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Showing posts from June, 2010

Other random NQA photos

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No commentary. Just some pictures chosen at random for you to enjoy.

















The Winners in My Category

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NQA is a member-driven organization that relies heavily on volunteers. Each year it holds an annual show and accepts up to 400 quilts for display and judging. Ribbons are awarded, but there are no cash prizes. It's fairly prestigious to win a ribbon there, although there are shows like AQS and Quilts, Inc. that are probably more prestigious. Anyhow, at NQA a quilt is entered into one of 16 categories. Within each category three ribbons are awarded (first place, second, etc.) and, at the judges' discretion, one or more "honorable mention" ribbons are awarded.

So, my quilt was in the pieced wall hanging category. There were 27 quilts entered. Four received honorable mention ribbons, thus a total of 7 ribbons were given out. Truly, there were some pretty awesome quilts in my category. Let's look at them, shall we?

First, I have photos of 3 of the 4 Honorable Mention winners:

This is smaller than the others. Those little squares are 3/4". This is accurately pieced …

Anatomy of a quilt show entry

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In the 25 years I've been quilting I've displayed a handful of quilts in shows sponsored by the guilds I belong to. Only three times, though, have I entered a quilt into a competition--that is a show that has judging and awards ribbons (and sometimes cash prizes). One of those 3 quilts was one my sister & I made together, and for the purposes of this blog entry, I'm going to leave aside for now. The first quilt was a 36" x 36" wall hanging made entirely by hand and I entered it in the state fair--about 20 years ago. It did not win a ribbon. The second was the quilt below that you've seen here a few times recently. That would be 20 years between competitions. Why did I wait so long between entries? Well, I did go through some major life changes that sent my quilting goals in other directions for awhile. But mostly, I was waiting to complete something that I felt had a reasonable chance of showing well against competition. Not necessarily to guarantee a win…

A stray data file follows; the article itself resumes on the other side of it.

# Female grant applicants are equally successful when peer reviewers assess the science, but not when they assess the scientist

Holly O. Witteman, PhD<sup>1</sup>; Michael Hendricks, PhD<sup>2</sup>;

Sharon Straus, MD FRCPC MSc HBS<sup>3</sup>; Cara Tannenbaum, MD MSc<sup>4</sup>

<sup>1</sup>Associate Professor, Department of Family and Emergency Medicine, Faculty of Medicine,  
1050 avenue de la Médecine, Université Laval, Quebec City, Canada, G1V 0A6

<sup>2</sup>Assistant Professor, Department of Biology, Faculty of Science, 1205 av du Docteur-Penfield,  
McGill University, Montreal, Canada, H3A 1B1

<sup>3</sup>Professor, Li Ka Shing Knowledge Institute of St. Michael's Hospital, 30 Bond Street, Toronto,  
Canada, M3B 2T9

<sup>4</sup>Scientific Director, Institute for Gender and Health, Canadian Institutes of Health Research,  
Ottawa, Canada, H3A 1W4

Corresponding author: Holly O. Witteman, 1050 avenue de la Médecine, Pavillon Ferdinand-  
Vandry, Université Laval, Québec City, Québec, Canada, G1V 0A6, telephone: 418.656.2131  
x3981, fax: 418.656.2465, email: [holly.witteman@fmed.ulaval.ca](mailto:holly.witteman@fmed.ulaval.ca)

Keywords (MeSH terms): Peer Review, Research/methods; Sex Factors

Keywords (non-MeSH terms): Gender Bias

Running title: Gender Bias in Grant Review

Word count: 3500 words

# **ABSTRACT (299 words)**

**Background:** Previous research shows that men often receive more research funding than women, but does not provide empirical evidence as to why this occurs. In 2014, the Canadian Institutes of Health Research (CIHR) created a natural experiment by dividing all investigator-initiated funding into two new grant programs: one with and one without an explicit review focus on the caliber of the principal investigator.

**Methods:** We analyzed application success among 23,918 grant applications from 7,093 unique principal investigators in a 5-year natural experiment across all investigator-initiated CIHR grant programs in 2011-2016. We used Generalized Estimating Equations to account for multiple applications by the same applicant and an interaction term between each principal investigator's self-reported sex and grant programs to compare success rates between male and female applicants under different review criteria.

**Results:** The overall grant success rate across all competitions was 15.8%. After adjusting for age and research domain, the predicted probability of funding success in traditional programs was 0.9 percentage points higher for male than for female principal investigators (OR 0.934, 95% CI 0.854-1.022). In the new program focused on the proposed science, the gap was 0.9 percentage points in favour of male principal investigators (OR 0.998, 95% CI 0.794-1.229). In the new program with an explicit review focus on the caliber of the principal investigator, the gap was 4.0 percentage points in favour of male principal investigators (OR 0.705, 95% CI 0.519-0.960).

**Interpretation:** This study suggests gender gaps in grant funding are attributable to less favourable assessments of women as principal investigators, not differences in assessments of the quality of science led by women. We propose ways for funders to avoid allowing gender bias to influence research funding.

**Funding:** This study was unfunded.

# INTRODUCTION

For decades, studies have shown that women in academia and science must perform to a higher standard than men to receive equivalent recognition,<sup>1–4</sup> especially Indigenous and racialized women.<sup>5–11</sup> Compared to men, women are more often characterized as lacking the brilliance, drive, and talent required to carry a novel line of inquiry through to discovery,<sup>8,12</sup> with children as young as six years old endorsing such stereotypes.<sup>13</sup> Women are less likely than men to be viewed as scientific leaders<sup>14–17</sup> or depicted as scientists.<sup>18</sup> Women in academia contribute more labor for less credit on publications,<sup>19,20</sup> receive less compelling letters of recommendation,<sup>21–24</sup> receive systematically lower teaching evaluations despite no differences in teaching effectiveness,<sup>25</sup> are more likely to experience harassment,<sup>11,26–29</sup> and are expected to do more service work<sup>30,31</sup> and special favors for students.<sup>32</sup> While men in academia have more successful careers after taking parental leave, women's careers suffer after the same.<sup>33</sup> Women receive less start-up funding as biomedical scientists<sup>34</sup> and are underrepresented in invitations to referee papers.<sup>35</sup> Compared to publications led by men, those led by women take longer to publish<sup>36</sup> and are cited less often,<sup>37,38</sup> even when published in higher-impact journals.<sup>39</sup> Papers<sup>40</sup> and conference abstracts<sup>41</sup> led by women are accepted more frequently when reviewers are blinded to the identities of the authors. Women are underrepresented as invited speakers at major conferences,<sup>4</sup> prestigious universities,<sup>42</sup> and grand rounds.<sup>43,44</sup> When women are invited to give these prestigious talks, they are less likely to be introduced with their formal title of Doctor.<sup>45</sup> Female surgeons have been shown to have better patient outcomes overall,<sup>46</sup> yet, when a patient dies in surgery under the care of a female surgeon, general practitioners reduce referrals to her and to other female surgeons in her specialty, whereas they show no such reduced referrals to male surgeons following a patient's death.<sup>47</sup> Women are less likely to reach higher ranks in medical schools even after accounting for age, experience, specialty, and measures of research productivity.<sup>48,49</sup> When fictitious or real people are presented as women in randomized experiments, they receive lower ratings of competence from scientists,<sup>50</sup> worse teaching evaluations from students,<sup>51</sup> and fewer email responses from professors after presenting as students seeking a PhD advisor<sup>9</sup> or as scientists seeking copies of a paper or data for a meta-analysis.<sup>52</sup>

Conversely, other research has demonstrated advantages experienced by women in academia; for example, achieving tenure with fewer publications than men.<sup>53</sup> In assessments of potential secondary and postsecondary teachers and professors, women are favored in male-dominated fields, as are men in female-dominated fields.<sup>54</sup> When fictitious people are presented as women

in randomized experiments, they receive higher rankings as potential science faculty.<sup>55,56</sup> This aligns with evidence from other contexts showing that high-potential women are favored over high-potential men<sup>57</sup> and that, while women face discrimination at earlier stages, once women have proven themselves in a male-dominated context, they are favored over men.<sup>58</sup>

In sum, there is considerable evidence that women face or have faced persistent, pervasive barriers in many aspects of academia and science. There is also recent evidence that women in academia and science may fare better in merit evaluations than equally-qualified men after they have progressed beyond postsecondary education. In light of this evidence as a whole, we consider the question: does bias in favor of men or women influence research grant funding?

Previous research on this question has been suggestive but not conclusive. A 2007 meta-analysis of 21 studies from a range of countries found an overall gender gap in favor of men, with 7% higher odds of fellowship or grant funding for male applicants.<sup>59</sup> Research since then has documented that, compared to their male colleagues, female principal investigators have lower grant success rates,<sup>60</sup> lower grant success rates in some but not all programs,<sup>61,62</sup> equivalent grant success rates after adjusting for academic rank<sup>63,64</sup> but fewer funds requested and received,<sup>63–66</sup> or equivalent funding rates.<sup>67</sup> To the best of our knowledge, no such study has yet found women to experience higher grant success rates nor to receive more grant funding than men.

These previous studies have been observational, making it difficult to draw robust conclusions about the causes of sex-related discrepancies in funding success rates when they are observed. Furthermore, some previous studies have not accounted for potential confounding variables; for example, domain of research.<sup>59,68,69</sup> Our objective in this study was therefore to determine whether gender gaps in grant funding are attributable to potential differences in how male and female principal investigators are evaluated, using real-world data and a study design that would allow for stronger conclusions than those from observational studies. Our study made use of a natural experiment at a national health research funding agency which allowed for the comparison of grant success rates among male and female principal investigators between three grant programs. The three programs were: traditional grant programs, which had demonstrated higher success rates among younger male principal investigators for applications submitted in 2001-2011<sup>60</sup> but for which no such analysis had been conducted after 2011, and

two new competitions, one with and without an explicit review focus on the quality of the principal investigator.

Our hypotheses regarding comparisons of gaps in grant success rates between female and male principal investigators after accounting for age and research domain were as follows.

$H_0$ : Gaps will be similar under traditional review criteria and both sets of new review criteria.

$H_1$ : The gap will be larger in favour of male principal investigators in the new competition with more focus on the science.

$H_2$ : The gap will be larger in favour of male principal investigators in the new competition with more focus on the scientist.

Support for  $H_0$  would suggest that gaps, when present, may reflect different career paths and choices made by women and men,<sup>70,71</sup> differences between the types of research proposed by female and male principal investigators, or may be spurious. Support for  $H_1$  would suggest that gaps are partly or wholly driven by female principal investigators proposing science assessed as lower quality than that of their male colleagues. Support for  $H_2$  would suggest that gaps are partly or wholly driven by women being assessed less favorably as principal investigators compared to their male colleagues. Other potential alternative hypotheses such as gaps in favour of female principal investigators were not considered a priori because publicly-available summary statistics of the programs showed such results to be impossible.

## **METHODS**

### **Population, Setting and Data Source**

Simple Jess / Pamela Morsi. 1996

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One of my May phaves was Pamela Morsi'sWild Oats, the first book of hers that I'd read. Wendy first reviewed Wild Oats and a commenter mentioned Simple Jess as another Morsi classic worth reading, so when I saw a used copy available on Amazon, I ordered it. This is such an unconventional romance that I felt positively compelled to talk about it.

In a nutshell, SJ is a story set in the small, isolated mountain community of Marrying Stone (in the Ozarks?) in 1906. Largely untouched by the outside world, the community governs itself, even to the extent of intruding upon the individual, personal decisions of its members. When the town decides that a young widow, Althea, must remarry, she is given 3 weeks to decide who she will pick to marry. Althea owns a farm in a favorable location and she is trying to preserve it for her young son. She is highly resistant to the idea of remarriage because she fears her son would be shunted aside by his new step-father. It turns out Althea hersel…